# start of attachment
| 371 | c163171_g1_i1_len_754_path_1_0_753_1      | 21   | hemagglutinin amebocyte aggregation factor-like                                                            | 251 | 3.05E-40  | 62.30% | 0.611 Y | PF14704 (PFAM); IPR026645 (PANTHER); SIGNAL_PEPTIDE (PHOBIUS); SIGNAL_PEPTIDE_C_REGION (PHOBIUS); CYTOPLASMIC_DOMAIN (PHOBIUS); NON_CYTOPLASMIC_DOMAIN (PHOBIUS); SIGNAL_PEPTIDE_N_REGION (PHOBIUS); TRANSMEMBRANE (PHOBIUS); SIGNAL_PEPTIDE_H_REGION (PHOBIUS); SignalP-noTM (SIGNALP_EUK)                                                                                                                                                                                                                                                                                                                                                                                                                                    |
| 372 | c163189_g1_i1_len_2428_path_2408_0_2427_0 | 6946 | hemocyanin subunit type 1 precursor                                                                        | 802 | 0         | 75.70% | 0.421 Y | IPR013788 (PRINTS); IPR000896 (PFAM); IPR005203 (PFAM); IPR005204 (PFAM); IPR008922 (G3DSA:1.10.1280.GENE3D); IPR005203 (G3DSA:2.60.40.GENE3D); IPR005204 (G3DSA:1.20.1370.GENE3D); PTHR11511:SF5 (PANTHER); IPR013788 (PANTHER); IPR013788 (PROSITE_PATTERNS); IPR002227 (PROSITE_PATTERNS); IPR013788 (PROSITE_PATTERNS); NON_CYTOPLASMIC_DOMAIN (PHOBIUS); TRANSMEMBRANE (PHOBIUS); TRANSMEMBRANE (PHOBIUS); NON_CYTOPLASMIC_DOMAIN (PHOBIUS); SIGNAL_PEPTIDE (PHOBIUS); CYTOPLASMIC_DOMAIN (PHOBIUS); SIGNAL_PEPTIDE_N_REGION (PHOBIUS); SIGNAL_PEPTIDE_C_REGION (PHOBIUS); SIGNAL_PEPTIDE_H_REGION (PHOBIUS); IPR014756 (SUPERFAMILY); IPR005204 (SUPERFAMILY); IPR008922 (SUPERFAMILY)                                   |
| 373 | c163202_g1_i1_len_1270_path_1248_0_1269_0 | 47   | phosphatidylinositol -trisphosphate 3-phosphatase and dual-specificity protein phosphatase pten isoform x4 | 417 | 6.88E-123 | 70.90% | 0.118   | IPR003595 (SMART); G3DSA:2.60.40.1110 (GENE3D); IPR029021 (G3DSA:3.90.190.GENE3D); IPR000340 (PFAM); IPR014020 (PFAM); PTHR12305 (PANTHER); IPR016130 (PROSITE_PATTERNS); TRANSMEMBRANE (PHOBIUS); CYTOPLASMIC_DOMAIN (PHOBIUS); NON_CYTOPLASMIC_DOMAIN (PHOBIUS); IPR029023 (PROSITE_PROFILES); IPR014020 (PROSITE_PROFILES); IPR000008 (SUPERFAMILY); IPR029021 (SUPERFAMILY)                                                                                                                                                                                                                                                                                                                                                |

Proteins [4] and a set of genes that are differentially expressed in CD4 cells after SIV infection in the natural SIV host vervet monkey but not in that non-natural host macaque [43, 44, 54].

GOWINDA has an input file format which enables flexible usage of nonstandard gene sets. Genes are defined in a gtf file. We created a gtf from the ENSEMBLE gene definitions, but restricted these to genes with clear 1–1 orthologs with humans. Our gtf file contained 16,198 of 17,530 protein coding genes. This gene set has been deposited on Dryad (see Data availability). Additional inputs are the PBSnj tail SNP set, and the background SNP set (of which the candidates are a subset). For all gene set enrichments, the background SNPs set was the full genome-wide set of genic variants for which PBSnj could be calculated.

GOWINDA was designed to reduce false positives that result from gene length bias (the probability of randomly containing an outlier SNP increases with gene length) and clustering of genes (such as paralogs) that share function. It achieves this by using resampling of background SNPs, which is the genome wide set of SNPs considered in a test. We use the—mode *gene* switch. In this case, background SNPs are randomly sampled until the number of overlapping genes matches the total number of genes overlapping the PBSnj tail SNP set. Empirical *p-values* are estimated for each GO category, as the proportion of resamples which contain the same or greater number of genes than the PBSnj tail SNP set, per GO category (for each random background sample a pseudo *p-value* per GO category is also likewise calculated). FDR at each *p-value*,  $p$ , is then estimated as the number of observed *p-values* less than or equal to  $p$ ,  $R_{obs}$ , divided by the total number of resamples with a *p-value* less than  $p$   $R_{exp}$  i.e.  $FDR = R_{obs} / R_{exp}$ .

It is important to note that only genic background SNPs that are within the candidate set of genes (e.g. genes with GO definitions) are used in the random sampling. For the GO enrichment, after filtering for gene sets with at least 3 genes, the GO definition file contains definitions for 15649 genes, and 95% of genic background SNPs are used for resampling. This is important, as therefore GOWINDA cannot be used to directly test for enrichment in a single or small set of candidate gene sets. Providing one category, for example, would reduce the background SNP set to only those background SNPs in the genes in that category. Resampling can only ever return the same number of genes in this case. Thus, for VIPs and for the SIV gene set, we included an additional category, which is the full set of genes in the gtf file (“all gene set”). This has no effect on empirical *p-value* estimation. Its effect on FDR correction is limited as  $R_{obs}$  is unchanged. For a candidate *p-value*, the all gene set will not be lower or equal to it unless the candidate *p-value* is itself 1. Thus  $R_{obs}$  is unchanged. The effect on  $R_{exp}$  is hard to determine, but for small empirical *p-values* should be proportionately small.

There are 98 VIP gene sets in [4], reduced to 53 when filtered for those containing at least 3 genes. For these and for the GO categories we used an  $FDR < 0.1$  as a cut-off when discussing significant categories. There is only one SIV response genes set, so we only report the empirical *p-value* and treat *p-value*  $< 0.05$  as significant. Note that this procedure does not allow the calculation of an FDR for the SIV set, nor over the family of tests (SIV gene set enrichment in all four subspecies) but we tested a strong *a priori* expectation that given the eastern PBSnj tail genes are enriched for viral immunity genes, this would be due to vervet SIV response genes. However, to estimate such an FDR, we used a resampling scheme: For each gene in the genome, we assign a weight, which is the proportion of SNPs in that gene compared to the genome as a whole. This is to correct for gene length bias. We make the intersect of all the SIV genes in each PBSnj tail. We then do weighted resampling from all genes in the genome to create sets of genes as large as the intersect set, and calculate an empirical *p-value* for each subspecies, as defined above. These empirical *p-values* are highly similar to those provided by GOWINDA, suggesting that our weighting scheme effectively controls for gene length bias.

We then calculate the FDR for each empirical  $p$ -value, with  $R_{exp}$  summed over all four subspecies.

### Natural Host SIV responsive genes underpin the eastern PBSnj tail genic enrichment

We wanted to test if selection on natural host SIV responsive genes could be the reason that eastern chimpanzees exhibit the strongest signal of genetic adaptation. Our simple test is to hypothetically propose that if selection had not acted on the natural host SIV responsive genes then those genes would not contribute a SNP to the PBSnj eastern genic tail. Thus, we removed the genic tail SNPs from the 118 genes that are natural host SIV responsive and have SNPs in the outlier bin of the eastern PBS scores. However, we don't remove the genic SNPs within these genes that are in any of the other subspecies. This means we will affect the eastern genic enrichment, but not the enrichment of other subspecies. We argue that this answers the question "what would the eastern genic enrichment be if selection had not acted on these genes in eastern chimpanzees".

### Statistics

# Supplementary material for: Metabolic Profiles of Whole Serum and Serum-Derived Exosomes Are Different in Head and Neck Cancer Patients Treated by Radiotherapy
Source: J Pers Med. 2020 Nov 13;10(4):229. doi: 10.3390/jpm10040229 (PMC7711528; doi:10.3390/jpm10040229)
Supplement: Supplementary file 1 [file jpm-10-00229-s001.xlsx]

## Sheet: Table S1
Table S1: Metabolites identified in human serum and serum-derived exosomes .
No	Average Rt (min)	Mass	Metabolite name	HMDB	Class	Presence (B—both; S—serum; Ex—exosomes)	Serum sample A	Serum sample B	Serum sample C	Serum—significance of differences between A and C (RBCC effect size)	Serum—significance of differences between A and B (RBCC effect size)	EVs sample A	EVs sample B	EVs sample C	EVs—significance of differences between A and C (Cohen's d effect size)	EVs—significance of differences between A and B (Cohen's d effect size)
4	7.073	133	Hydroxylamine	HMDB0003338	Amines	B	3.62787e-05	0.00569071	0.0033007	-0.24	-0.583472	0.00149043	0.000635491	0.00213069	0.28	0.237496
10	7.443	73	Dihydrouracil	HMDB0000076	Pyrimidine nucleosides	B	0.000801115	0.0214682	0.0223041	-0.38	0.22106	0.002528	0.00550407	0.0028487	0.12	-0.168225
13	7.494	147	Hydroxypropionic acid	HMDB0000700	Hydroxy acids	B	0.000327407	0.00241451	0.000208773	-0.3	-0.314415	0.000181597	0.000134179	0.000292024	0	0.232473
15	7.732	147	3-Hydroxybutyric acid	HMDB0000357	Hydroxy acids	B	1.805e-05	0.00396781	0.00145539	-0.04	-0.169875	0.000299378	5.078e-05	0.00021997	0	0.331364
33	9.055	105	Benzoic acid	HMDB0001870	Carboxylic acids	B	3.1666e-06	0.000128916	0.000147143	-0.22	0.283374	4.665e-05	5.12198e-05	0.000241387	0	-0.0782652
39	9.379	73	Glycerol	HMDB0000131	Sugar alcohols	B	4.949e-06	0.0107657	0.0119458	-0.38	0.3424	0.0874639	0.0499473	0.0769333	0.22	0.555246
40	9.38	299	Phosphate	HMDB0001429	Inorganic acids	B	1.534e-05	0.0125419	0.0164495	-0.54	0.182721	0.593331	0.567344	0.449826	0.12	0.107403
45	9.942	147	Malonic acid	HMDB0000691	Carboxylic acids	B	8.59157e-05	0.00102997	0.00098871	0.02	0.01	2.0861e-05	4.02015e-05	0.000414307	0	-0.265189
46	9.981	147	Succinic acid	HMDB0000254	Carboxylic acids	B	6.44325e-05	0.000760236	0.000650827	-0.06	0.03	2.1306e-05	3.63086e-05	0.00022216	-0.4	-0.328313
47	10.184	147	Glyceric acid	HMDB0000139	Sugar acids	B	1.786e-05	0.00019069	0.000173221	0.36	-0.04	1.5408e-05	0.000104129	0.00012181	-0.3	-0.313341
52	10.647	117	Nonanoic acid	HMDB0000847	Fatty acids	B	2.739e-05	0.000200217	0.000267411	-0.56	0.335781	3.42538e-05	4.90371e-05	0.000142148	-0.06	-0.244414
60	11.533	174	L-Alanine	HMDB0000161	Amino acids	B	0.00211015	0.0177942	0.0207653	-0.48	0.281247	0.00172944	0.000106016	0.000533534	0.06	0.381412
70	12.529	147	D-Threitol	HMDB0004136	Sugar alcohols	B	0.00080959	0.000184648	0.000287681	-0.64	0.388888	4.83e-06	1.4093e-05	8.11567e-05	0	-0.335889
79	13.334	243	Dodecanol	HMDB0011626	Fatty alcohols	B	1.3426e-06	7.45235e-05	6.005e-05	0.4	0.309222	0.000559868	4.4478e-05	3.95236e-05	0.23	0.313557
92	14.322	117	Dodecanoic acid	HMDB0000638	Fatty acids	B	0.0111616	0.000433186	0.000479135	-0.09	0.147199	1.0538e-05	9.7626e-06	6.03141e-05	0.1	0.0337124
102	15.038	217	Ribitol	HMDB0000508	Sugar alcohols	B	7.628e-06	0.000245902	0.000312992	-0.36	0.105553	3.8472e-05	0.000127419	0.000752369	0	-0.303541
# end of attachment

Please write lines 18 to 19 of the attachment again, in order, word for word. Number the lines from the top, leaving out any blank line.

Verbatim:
No	Average Rt (min)	Mass	Metabolite name	HMDB	Class	Presence (B—both; S—serum; Ex—exosomes)	Serum sample A	Serum sample B	Serum sample C	Serum—significance of differences between A and C (RBCC effect size)	Serum—significance of differences between A and B (RBCC effect size)	EVs sample A	EVs sample B	EVs sample C	EVs—significance of differences between A and C (Cohen's d effect size)	EVs—significance of differences between A and B (Cohen's d effect size)
4	7.073	133	Hydroxylamine	HMDB0003338	Amines	B	3.62787e-05	0.00569071	0.0033007	-0.24	-0.583472	0.00149043	0.000635491	0.00213069	0.28	0.237496